the BIOS - 0x80; and up to 3 according to MS doc).


You can also think of "rdisk()" as meaning the
"relative disk position", that is, relative to the head of the BIOS's
hard drive boot order.


No you cant.


Since the boot order can be adjusted manually by the
user via keyboard input to the BIOS, the hard drive
referred to by "rdisk(0)" can be changed at will.


No it cant. The boot order setting doesnt
change the N in the rdisk entry.


Thus, "rdisk(0)" will refer to the top of the boot
order list, "rdisk(1)" will refer to the next in the list,
"rdisk(2)" will refer to the next after that, etc.,


No it doesnt. It has nothing to do with the boot order
list at all.


It JUST refers to the physical order.


but which hard drive those arguments refer to only
depends on cabling and I/O channel in the default case.


In all cases, actually. The boot order in the bios is
irrelevant to that.


I stand by my claim, Rod.


You can stand anywhere you like,
it changes absolutely nothing at all.

You can check if you want, and you can make all the denials you want, but
it is true, and anyone can check that out - the "rdisk()" parameter is
relative to the top of the hard drive boot order, and it only relates to
physical position, i.e. cable position or IDE channel number, in the
default case. In the DEFAULT case, the hard drive boot order is:


Thats just repeating your earlier assertion.

You can keep repeating that till you go blue
in the face if you like, changes nothing.

The obvious problem with your claim is trivial to prove.
Setup a test config where the boot.ini comes off the
first drive in the boot list in the bios, with an entry to
boot off a different physical drive. When you move
that later physical drive in the boot order in the bios,
that doesnt make any difference to which drive gets
booted when you select that entry in the boot.ini at
boot time. The N value changes according to you
because you have moved it in the bios boot sequence
list. XP still boots the same physical drive regardless.

Master, IDE channel 0,
Slave, IDE channel 0,
Master, IDE channel 1,
Slave, IDE channel 1.


But when this order is changed in the BIOS, the
meaning of "rdisk()" changes physically, but it retains
its logical meaning as a reference to the boot order.
That means that "rdisk(0)" will ALWAYS refer to the
head of the boot order, regardless of which physical
hard drive is put at the head of the boot order, and
"rdisk(1)" will ALWAYS refer to the next one in the list.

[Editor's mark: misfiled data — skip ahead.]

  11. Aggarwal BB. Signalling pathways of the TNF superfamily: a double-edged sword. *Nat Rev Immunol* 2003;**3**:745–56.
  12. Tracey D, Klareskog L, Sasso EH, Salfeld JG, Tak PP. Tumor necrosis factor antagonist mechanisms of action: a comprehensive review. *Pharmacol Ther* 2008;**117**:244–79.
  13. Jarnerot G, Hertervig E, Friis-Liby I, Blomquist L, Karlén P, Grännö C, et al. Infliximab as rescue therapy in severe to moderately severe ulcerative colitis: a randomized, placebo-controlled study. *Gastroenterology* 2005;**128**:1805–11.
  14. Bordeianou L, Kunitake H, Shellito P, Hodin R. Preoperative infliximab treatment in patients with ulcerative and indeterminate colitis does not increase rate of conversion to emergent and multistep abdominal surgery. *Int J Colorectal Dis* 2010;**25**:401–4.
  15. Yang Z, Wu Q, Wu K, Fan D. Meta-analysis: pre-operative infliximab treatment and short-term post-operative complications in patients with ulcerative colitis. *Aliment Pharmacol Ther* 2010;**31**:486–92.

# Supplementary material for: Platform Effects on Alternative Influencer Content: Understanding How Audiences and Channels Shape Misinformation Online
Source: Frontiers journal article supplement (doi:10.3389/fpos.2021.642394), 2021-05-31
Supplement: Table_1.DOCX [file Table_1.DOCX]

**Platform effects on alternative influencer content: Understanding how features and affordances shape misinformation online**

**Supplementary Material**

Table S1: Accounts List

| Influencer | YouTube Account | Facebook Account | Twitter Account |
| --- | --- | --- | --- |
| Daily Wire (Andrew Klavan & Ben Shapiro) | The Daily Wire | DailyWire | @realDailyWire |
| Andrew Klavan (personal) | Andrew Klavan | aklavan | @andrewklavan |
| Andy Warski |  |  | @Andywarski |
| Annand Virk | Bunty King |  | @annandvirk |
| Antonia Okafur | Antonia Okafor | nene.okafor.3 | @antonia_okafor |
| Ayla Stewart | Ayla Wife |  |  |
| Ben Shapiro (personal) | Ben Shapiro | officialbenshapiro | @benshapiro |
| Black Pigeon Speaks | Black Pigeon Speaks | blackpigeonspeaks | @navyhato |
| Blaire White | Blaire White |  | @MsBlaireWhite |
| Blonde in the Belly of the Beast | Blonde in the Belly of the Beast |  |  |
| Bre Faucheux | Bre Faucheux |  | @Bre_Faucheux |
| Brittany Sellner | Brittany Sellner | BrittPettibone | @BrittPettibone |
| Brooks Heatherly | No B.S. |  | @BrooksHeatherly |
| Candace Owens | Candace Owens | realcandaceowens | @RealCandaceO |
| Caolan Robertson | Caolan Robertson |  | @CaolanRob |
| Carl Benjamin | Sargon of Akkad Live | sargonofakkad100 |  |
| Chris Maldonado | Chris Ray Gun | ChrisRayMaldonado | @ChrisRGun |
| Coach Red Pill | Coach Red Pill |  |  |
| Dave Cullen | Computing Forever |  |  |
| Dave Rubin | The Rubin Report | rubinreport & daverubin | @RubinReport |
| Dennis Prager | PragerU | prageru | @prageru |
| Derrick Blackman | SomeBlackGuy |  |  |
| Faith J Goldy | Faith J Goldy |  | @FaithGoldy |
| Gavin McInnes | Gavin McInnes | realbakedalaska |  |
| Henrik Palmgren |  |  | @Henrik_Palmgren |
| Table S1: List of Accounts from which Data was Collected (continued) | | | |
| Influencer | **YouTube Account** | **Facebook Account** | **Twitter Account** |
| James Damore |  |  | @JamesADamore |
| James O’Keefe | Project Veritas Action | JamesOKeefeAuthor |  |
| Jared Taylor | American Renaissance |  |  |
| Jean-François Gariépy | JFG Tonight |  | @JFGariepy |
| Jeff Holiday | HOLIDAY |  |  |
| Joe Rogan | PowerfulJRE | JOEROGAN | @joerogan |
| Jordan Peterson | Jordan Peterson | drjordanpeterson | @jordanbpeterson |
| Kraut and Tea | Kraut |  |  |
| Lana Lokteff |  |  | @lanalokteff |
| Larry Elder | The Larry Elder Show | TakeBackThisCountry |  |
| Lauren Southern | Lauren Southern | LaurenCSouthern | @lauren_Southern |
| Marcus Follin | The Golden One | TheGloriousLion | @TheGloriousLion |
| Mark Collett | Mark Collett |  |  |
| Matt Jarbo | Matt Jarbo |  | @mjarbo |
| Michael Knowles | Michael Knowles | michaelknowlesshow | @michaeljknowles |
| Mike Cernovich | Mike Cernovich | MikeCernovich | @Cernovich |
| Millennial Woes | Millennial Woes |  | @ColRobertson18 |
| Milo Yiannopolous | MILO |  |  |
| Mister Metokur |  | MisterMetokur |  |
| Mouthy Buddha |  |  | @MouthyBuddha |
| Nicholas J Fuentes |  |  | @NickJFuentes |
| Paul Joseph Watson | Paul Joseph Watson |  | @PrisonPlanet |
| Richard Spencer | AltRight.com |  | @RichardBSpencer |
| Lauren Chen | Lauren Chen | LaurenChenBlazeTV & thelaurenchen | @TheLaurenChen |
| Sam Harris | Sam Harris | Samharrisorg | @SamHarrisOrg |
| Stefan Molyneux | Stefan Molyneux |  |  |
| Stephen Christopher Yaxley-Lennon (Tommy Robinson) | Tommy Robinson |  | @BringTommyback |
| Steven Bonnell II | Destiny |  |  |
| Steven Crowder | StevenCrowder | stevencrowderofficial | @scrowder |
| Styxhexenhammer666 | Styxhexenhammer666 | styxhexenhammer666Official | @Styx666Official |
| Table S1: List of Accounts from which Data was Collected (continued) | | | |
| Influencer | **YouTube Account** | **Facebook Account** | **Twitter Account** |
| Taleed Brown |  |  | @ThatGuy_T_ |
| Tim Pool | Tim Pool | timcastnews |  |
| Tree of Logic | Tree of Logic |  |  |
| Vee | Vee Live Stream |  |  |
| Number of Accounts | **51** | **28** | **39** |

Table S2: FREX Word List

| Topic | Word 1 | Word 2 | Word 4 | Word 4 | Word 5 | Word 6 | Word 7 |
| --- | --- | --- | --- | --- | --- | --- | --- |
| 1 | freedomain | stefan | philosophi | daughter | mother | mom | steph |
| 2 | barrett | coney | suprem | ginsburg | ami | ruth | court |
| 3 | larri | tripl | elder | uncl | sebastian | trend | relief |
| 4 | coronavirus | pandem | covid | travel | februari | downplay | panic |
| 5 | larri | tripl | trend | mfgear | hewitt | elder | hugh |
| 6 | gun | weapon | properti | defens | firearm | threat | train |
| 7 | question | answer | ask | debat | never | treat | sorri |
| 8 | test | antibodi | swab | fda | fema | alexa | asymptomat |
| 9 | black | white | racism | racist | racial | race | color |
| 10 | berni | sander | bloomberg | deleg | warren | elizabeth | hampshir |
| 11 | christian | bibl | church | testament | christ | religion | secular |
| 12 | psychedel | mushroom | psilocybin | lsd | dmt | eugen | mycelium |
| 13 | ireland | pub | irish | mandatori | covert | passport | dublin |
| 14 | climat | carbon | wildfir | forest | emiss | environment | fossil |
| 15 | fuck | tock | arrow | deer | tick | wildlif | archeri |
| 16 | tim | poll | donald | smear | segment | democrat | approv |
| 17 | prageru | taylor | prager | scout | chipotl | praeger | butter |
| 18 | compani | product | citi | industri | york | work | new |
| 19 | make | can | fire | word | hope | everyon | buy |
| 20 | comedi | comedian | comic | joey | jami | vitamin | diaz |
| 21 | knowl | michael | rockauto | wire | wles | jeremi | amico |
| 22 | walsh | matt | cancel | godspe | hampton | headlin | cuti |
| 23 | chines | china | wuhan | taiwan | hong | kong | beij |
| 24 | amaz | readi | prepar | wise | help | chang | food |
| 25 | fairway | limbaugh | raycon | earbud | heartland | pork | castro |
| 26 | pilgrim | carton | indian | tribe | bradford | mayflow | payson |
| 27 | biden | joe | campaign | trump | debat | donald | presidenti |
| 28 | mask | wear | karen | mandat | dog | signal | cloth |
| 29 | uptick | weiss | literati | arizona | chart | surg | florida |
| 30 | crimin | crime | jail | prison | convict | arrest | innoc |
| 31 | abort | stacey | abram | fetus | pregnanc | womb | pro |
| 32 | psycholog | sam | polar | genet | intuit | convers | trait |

Again, that is just repeating original assertion and its
completely trivial to prove that its just plain wrong.

Accordingly, I code boot.ini files to implement
switching between up to 7 or 8 clone OSes which are
resident simultaneously on 3 hard drives in my computer,
and the "rdisk()" parameter has always meant what I've
described above. I base this on the behavior of my
Dell Dimension XPS system which is about as common
as a PC can get.


Doesnt explain the test I listed that proves you are just plain wrong.


  #10  
Old January 28th 06, 02:11 AM posted to comp.sys.ibm.pc.hardware.storage
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Default Boot.ini question

rdisk(N) refers to Int13 drive 80h+N, simple as that.
How Int13 drives are ordered is completely up to the BIOS.
"fdisk /status" from DOS tells you, Disk Manager does NOT.

"Timothy Daniels" wrote in message
...

I stand by my claim, Rod. You can check if you want,
and you can make all the denials you want, but it is true,
and anyone can check that out - the "rdisk()" parameter
is relative to the top of the hard drive boot order, and it
only relates to physical position, i.e. cable position or
IDE channel number, in the default case. In the DEFAULT
case, the hard drive boot order is:

Master, IDE channel 0,
Slave, IDE channel 0,
Master, IDE channel 1,
Slave, IDE channel 1.

But when this order is changed in the BIOS, the
meaning of "rdisk()" changes physically, but it retains
its logical meaning as a reference to the boot order.
That means that "rdisk(0)" will ALWAYS refer to the
head of the boot order, regardless of which physical
hard drive is put at the head of the boot order, and
"rdisk(1)" will ALWAYS refer to the next one in the list.

Accordingly, I code boot.ini files to implement
switching between up to 7 or 8 clone OSes which are
resident simultaneously on 3 hard drives in my computer,
and the "rdisk()" parameter has always meant what I've
described above. I base this on the behavior of my
Dell Dimension XPS system which is about as common
as a PC can get.

*TimDaniels*